Technically Cortes makes great use of his self-imposed limitations. Everything from the camera angles to the sound is utilized and presented in such a way as to keep the viewer confined. There is only one break from the closed-in motif, that still remains viable in the context, where the camera pulls back indefinitely to show Conroy lying in the box as the boards surrounding him extend into infinity. This interpretive shot comes at a point where Conroy feels all he has to look forward to is eternity in the box. There are also four sources of light present in the film, the lighter, the flashlight, the glow stick(s) and the cell phone screen, which gives each sequence a unique visual style. This in turn helps to keep the viewer engaged by alternating the composition of the static setting.

Reynolds performance as Conroy is astounding to witness and upgrades him from a charismatic, wise cracking pretty face to a remarkably talented actor. Not once during the entire duration of the picture does he lose focus or intensity. He keeps you right in the moment with everything that his character is experiencing. Every emotion that Conroy experiences is shared directly with the audience, there is no filter. From frantic fear, to paralyzed horror, to hopeful jubilation, Reynolds administers an array of emotional fluctuation that is 100% appropriate for his characters situation. If people didn’t already know Ryan Reynolds they may believe that they were watching a well-constructed snuff film. That’s how strong his performance is in this film. The audience actually believes he is fighting for his life.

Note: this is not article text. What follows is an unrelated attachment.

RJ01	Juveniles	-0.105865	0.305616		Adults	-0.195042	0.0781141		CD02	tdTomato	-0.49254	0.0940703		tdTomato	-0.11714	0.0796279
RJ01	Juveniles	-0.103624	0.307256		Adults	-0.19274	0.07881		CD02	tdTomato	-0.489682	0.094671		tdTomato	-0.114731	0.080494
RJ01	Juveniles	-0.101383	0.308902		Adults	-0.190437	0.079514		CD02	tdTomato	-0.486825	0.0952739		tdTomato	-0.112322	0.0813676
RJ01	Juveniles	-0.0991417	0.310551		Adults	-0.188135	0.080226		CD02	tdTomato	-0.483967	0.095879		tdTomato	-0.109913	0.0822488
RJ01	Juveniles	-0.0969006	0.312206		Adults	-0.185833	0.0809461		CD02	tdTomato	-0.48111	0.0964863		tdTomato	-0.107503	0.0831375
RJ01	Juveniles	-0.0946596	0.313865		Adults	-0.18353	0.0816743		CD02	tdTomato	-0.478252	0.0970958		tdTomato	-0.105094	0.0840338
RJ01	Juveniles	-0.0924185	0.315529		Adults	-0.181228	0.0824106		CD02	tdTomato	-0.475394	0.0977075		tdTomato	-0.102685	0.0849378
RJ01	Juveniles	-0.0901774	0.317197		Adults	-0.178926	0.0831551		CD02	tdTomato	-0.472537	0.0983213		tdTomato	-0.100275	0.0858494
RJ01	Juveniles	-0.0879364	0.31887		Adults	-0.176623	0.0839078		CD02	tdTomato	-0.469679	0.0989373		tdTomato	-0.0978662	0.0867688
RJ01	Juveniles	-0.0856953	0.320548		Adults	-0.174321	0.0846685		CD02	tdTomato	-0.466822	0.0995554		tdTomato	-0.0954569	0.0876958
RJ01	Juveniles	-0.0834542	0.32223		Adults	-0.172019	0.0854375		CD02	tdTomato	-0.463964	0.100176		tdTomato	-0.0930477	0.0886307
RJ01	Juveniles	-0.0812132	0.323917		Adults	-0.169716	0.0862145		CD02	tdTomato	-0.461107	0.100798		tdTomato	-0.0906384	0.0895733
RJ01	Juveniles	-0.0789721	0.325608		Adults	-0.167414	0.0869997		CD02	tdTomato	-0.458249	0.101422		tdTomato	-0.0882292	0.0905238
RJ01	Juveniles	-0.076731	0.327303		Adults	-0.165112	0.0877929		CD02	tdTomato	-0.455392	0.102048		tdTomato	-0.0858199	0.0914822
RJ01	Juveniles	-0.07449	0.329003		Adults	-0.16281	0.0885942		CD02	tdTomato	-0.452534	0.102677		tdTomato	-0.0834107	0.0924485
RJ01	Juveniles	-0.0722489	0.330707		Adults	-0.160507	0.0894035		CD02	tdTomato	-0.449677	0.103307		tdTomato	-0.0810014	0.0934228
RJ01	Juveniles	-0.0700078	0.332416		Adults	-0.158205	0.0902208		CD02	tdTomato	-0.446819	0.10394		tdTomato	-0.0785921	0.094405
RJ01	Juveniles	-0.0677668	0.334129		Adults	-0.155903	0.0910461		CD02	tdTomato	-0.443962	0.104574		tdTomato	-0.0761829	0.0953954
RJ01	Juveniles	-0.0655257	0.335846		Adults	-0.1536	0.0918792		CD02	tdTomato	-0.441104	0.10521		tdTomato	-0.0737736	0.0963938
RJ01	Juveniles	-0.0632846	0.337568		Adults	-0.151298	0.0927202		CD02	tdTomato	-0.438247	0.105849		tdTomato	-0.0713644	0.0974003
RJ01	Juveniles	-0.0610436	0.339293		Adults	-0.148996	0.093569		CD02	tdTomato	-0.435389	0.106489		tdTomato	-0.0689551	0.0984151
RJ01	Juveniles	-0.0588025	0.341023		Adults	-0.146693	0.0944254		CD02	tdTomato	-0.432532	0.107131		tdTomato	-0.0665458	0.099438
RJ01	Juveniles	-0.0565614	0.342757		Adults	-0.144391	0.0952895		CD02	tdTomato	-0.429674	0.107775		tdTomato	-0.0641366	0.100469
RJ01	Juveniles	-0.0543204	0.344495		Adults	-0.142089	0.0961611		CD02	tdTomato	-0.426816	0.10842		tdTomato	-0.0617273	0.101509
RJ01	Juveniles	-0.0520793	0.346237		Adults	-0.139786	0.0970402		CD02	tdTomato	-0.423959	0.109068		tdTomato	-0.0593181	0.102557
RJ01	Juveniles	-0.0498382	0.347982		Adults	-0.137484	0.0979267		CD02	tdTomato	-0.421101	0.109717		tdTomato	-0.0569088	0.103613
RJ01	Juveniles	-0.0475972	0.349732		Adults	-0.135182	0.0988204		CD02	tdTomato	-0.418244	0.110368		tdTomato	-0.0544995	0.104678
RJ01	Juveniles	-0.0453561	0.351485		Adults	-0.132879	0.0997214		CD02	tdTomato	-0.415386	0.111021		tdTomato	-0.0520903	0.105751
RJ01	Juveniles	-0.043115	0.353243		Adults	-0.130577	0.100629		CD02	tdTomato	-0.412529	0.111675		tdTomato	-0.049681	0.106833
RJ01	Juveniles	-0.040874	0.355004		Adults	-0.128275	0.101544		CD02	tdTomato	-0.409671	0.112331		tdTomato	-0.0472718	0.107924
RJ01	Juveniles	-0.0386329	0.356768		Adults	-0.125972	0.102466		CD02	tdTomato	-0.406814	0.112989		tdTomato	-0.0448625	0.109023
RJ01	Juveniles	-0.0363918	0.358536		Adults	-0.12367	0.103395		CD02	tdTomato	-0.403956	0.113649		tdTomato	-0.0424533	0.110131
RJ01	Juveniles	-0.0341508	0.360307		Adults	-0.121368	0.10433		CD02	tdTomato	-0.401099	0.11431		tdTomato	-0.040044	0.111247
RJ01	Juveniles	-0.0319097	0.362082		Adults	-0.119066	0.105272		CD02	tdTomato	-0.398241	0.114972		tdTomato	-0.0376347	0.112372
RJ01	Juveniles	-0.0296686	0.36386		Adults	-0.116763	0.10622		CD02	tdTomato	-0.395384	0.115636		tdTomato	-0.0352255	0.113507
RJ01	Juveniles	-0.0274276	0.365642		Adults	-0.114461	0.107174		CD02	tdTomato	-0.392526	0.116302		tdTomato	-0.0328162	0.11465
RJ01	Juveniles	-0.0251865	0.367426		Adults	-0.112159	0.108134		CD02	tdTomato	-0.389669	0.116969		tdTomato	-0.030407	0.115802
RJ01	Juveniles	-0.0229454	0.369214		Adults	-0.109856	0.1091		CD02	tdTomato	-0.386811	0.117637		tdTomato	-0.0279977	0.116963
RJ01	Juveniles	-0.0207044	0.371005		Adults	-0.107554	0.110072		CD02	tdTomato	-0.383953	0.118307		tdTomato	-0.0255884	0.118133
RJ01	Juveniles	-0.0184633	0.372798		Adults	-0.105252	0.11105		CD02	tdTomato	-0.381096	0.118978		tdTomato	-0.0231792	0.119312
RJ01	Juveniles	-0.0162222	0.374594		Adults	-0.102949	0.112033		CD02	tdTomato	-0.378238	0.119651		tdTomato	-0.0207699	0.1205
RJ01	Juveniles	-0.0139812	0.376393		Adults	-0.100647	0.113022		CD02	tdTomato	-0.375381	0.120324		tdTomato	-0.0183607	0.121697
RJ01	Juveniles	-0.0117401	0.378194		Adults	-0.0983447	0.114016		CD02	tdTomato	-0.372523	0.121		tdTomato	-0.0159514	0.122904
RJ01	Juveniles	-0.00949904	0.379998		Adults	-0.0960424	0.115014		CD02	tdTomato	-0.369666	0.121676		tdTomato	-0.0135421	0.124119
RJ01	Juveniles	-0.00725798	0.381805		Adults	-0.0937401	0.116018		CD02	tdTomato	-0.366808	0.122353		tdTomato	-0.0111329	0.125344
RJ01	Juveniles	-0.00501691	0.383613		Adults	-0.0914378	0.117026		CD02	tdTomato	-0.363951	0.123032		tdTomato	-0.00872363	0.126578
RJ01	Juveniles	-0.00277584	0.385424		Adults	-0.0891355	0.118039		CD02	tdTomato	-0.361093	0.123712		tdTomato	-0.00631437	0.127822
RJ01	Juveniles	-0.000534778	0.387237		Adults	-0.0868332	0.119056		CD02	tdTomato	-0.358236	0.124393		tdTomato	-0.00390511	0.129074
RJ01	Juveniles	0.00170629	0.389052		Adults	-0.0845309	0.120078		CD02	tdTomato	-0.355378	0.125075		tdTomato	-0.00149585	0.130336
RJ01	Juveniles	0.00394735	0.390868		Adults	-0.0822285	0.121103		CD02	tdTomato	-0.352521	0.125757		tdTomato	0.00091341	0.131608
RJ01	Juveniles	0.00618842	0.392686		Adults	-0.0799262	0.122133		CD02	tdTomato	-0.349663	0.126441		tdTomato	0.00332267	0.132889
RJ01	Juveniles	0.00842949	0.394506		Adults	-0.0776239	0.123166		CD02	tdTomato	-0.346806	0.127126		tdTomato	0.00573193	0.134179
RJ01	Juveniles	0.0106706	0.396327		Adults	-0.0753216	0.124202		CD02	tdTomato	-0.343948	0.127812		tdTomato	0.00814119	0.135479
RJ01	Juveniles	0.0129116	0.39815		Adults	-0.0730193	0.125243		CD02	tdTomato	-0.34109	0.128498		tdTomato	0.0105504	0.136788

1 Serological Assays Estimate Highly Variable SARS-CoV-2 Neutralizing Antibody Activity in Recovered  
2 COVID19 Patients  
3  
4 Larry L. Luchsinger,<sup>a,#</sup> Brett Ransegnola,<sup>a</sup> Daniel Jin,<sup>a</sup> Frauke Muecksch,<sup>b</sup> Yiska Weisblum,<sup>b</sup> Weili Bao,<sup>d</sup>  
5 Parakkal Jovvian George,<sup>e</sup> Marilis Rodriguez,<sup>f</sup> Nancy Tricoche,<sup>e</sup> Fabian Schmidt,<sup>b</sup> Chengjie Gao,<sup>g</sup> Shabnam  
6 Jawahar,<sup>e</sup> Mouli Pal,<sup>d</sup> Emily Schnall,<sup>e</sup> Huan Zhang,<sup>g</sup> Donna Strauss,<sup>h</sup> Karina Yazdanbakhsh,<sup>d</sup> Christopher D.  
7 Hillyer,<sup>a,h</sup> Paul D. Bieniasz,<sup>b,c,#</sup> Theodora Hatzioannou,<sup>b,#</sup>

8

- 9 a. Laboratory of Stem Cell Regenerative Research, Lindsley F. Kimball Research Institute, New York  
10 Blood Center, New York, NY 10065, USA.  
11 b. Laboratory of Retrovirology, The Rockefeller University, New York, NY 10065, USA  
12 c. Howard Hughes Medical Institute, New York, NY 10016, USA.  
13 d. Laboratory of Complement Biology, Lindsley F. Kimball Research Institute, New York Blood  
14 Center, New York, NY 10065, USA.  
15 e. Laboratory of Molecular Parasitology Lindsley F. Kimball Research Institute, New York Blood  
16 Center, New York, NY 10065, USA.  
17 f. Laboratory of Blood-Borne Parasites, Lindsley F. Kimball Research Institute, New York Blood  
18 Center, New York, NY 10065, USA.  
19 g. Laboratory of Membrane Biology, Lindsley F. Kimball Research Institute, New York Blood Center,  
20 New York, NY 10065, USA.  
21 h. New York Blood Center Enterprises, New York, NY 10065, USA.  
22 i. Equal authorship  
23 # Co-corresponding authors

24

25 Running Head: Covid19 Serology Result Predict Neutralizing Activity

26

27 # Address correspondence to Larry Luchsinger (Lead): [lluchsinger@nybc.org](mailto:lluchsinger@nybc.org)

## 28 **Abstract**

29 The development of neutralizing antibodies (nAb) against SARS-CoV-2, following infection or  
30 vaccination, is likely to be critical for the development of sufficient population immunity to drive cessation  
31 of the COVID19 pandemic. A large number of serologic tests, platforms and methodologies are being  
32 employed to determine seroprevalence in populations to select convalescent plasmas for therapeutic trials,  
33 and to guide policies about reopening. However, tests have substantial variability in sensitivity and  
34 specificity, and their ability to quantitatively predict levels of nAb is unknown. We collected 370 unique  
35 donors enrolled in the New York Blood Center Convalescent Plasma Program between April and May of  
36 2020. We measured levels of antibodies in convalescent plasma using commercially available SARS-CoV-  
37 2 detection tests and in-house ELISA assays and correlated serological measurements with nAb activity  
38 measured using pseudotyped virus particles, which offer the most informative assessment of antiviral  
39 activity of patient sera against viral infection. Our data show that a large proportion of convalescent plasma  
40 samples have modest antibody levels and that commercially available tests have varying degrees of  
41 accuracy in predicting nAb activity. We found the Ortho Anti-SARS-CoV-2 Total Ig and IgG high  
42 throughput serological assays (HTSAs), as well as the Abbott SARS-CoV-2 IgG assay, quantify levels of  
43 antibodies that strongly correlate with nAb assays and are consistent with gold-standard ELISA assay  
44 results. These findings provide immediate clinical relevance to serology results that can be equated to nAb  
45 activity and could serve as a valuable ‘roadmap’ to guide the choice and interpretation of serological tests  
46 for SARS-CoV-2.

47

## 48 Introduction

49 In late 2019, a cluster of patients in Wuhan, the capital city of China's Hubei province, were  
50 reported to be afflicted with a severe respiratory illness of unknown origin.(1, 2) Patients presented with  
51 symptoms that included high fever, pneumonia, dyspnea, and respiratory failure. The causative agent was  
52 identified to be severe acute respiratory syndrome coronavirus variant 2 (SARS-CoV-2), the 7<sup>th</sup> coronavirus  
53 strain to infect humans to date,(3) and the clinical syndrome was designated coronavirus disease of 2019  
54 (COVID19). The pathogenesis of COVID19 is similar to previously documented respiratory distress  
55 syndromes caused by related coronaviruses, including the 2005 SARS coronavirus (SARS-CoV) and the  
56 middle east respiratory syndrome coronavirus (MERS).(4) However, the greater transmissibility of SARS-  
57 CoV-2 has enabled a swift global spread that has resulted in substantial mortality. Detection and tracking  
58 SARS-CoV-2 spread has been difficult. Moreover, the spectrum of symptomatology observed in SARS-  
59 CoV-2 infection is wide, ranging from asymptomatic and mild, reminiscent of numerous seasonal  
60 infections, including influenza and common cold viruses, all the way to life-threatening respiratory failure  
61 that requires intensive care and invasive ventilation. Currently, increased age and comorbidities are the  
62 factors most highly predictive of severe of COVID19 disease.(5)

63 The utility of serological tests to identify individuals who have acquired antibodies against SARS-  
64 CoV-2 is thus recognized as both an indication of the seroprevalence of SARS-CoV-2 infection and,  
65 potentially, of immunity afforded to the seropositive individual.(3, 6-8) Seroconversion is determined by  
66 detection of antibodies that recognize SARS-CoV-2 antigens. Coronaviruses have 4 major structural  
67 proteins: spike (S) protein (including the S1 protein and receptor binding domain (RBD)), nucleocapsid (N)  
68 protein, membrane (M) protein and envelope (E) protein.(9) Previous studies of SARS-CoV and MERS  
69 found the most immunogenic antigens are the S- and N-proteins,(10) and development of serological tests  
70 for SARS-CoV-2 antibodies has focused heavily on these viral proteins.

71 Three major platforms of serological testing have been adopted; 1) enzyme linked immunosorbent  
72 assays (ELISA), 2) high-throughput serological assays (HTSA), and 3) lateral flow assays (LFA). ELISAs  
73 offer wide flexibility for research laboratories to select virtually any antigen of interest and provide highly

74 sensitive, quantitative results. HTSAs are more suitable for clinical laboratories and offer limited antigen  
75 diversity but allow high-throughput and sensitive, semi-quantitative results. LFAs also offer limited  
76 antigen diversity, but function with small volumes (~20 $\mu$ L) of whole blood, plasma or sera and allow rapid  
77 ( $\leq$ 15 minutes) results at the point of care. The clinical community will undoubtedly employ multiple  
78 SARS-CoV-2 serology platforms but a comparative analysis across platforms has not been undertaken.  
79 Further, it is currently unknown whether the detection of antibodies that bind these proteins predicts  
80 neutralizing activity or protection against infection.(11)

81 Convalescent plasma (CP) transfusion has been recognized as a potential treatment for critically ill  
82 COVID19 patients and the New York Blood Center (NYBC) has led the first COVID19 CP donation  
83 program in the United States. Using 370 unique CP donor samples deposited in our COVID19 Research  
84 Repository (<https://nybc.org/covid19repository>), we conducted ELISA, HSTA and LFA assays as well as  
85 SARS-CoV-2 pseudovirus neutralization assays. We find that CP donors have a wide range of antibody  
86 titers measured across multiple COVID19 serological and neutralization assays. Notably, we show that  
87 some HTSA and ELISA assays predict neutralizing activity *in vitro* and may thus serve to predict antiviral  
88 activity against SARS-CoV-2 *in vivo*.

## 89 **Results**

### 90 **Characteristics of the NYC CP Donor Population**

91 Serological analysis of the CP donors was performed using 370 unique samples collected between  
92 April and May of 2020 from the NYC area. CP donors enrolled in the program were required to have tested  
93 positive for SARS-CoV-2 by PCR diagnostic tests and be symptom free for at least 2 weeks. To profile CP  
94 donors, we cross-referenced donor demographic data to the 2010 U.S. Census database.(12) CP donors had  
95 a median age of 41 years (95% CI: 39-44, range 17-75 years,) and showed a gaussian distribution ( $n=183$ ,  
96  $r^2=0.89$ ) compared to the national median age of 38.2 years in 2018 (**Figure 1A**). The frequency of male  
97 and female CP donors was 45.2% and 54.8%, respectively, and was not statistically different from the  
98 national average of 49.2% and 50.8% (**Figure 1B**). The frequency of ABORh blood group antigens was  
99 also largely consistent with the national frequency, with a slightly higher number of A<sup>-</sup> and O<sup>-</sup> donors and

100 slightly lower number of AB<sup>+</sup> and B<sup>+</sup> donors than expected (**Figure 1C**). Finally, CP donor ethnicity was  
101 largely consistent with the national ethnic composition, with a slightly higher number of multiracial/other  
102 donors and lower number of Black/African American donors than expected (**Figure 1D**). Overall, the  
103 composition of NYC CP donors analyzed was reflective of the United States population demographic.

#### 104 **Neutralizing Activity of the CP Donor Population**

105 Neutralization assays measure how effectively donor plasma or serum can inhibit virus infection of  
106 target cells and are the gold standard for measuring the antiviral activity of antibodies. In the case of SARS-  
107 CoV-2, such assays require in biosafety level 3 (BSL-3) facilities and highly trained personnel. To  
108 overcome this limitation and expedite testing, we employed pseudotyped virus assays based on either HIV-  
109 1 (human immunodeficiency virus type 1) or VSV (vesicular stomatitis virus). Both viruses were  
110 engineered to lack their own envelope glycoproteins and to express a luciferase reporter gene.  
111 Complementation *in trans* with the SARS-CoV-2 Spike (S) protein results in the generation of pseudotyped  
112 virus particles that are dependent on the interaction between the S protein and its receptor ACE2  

However, the real star of this production may actually be Sparling’s script. He has taken a very real and socially relevant threat and presented it in a truly defining way. Despite the fact that this kind of thing really happens, Sparling explores the other side of terrorism – the domestic side. During the course of the picture Conroy is constantly reassured by Federal agencies of a lie about salvation, which is cleverly exposed in the end. Even the company that hired him to work in that area kicks him while he’s down in a way that is very easy to believe. If there is one weakness in the script [SPOILER WARNING] it is the fact that when given the chance to escape Conroy falters rather than embrace the opportunity. Towards the end of the film the area where he is buried gets bombed, loosening the soil and weakening the coffin. If he were to wrap his shirt around his face, so not to suffocate, and force his way out, he could have dug through the loose soil and saved himself rather than wait to be found or not. This is an inconsistency with the beginning of the film where Conroy attempts to force his way out of the coffin. No doubt the decision to keep him there until the end was not only for dramatic purposes. [END SPOILER WARNING] It also drove home the point that in these terrorist situations nobody wins. Taking that into consideration Buried could be regarded as a vehemently straightforward and honest anti-war film.

Buried is a lot of things, and first and foremost – it is not for the claustrophobic. If you can withstand the psychological connotations of the presentation you will be enlightened and enthralled by a small film with a big message and an unforgettable performance. Buried was released on DVD and Blu-Ray on January 18th, 2011.



2 comments:

  1. Great synopsis of a very intense and entertaining film.

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  2. I watched Buried. It was fucking skeevy. I'm mad claustrophobic and I big out when I can't move. There were moments when I actually had to pause the movie for a sec or look away.